Are two-prong outlets up to code and legal?
Monday, April 6, 2020
Existing ungrounded two-prong receptacle outlets are allowed to remain in place by the National Electrical Code [NEC 406.4(D)(2)], and they can also be replaced with another two-prong receptacle at locations where a ground connection does not exist, if you want. But, while two-slot receptacles are reasonably safe when used correctly, three-slot (grounded) receptacles are ultimately safer and better for avoiding a shock or electrical fire. If you are able to upgrade to a grounded or GFCI receptacle, it’s definitely a good idea. That’s why the code was changed 50 years ago to require them for new construction.
And here’s an additional problem: lots of electric appliances used today have cords with three prongs. Using an adapter, like the one shown connected to the top half of the receptacle pictured above, is not a safe solution to the dilemma. Theoretically, if the metal ring at the two-slot side of the adapter is connected to the securing screw for the receptacle cover plate, then the ground slot is connected to a ground. But that is almost never the case and most people don’t even bother connecting it—with the result that an appliance that requires grounding to be safe, such as a refrigerator or washing machine, is ungrounded.
Even worse is a defect we sometimes see in older homes, where the old ungrounded receptacle is changed out for a three-slot receptacle but there is no ground connection made. A three-light circuit tester, like the one shown below, is used by many home inspectors to check for this safety defect. Two orange lights means the circuit is grounded, and one orange lights indicates lack of ground. Unfortunately, this little tester does not detect what is called a “false ground,” a condition in which the ground slot is connected to the neutral wire in the circuit—which is also unsafe. Detecting a false ground requires a more sophisticated electronic testing device.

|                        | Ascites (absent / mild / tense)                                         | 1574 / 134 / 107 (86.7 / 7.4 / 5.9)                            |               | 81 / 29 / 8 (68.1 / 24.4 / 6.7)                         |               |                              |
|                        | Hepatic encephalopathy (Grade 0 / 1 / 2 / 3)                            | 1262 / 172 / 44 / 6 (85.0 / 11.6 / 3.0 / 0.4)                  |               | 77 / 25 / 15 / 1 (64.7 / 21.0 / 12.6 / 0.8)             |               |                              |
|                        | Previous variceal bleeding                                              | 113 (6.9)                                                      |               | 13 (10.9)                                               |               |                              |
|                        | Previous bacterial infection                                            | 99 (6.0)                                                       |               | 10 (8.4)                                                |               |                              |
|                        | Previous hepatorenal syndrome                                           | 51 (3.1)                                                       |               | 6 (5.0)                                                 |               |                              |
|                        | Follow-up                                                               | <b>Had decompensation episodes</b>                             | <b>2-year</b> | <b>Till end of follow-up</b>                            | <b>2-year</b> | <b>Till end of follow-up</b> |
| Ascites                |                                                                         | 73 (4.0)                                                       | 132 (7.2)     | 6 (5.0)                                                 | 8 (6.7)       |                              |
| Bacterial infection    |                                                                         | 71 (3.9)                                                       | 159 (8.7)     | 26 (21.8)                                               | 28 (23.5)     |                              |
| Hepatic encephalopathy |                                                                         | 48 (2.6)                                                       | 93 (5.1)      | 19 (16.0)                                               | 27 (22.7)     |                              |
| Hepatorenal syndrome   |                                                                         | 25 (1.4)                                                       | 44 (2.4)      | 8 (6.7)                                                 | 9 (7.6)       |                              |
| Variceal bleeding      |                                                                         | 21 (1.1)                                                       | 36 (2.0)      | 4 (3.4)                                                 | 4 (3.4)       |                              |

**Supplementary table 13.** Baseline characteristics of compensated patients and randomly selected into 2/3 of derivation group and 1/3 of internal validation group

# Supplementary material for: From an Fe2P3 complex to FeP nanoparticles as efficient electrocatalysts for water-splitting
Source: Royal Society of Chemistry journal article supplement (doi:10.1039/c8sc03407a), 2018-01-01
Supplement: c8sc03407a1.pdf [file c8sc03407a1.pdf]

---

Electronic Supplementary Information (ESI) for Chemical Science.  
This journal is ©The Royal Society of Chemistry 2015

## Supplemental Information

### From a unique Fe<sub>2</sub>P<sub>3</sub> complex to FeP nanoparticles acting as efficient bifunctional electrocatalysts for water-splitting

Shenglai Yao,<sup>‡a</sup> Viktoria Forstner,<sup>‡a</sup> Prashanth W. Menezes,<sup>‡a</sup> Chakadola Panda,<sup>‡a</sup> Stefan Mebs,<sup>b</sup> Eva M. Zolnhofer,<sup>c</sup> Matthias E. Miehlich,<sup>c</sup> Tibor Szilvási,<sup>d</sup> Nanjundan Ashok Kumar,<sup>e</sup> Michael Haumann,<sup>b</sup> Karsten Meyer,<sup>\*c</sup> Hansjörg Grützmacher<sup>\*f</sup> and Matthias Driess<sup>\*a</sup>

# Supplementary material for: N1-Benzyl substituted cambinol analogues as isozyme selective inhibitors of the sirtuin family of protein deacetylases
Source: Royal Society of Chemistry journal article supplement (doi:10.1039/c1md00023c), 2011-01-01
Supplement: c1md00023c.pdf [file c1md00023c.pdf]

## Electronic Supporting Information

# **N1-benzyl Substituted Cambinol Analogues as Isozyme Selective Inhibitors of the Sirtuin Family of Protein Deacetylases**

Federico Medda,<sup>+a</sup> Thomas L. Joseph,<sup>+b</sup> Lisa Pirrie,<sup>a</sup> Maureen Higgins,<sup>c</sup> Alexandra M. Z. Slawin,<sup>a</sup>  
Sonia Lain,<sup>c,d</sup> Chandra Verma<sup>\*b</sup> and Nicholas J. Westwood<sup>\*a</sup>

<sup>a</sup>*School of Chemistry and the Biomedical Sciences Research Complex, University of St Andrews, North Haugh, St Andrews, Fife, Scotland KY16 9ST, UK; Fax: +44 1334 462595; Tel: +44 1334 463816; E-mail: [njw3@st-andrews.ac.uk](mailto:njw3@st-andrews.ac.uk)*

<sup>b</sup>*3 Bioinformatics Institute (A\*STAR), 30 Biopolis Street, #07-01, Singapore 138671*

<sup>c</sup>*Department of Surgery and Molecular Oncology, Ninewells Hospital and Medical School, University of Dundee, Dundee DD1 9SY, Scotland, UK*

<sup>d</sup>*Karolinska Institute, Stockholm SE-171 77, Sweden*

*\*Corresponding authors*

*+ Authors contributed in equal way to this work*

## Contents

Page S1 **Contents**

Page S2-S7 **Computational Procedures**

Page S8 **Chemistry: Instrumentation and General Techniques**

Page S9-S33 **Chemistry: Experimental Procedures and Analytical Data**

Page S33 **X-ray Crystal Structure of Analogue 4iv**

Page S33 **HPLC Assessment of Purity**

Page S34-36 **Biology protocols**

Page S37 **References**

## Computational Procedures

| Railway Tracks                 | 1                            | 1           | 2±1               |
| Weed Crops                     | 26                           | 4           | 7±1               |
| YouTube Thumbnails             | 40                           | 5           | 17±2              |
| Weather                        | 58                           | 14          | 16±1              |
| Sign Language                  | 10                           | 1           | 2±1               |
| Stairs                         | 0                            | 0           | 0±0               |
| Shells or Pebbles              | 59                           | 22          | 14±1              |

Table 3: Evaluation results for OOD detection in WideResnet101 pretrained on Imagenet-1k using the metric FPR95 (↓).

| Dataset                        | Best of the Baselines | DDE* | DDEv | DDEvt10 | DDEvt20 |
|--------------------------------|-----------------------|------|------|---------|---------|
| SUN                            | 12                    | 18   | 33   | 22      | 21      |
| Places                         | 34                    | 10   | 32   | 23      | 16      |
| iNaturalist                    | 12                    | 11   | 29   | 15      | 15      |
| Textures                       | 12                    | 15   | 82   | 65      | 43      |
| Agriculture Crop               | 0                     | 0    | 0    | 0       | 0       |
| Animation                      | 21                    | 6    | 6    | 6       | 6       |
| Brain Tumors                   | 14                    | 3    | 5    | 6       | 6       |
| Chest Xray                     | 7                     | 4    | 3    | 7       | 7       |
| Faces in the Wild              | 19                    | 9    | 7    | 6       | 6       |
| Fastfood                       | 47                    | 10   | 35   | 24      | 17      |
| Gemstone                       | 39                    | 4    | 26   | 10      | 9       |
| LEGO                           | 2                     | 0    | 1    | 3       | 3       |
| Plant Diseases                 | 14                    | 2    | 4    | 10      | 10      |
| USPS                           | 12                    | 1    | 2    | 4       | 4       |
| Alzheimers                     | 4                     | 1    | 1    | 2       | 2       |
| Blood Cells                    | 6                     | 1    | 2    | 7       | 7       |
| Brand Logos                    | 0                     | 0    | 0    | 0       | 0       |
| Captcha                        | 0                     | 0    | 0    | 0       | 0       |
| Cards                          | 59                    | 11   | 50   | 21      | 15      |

There are three safe and code-approved ways to repair an ungrounded three-slot receptacle:
- Run a ground wire to the new three-slot receptacle. This is often the most difficult and expensive solution.
- Install a GFCI (Ground Fault Circuit Interrupter) receptacle. It’s the kind with two small push-buttons in the center. A GFCI shock-protection device is considered an acceptable alternative to a ground connection, but the receptacle cover plate must have a small sticker (provided in the box with the receptacle) attached that says “NO GROUND PROVIDED.”
- Replace it with a two-slot receptacle, which is still manufactured and available on the shelf at many hardware stores. If not, they can special-order it for you. Since having just one three-slot receptacle in each room is adequate for most homes, this solution is satisfactory for many of the ungrounded three-slot receptacles.
Many appliances require a ground connection to operate properly and have a manufacturer’s sticker, like the one shown below on side of a fluorescent ceiling fixture, that states “FIXTURE MUST BE GROUNDED for safety and proper operation.”
Also, see our blog posts Can you plug a surge protector into a two prong outlet? and How can I tell if the electric receptacle outlets are grounded?
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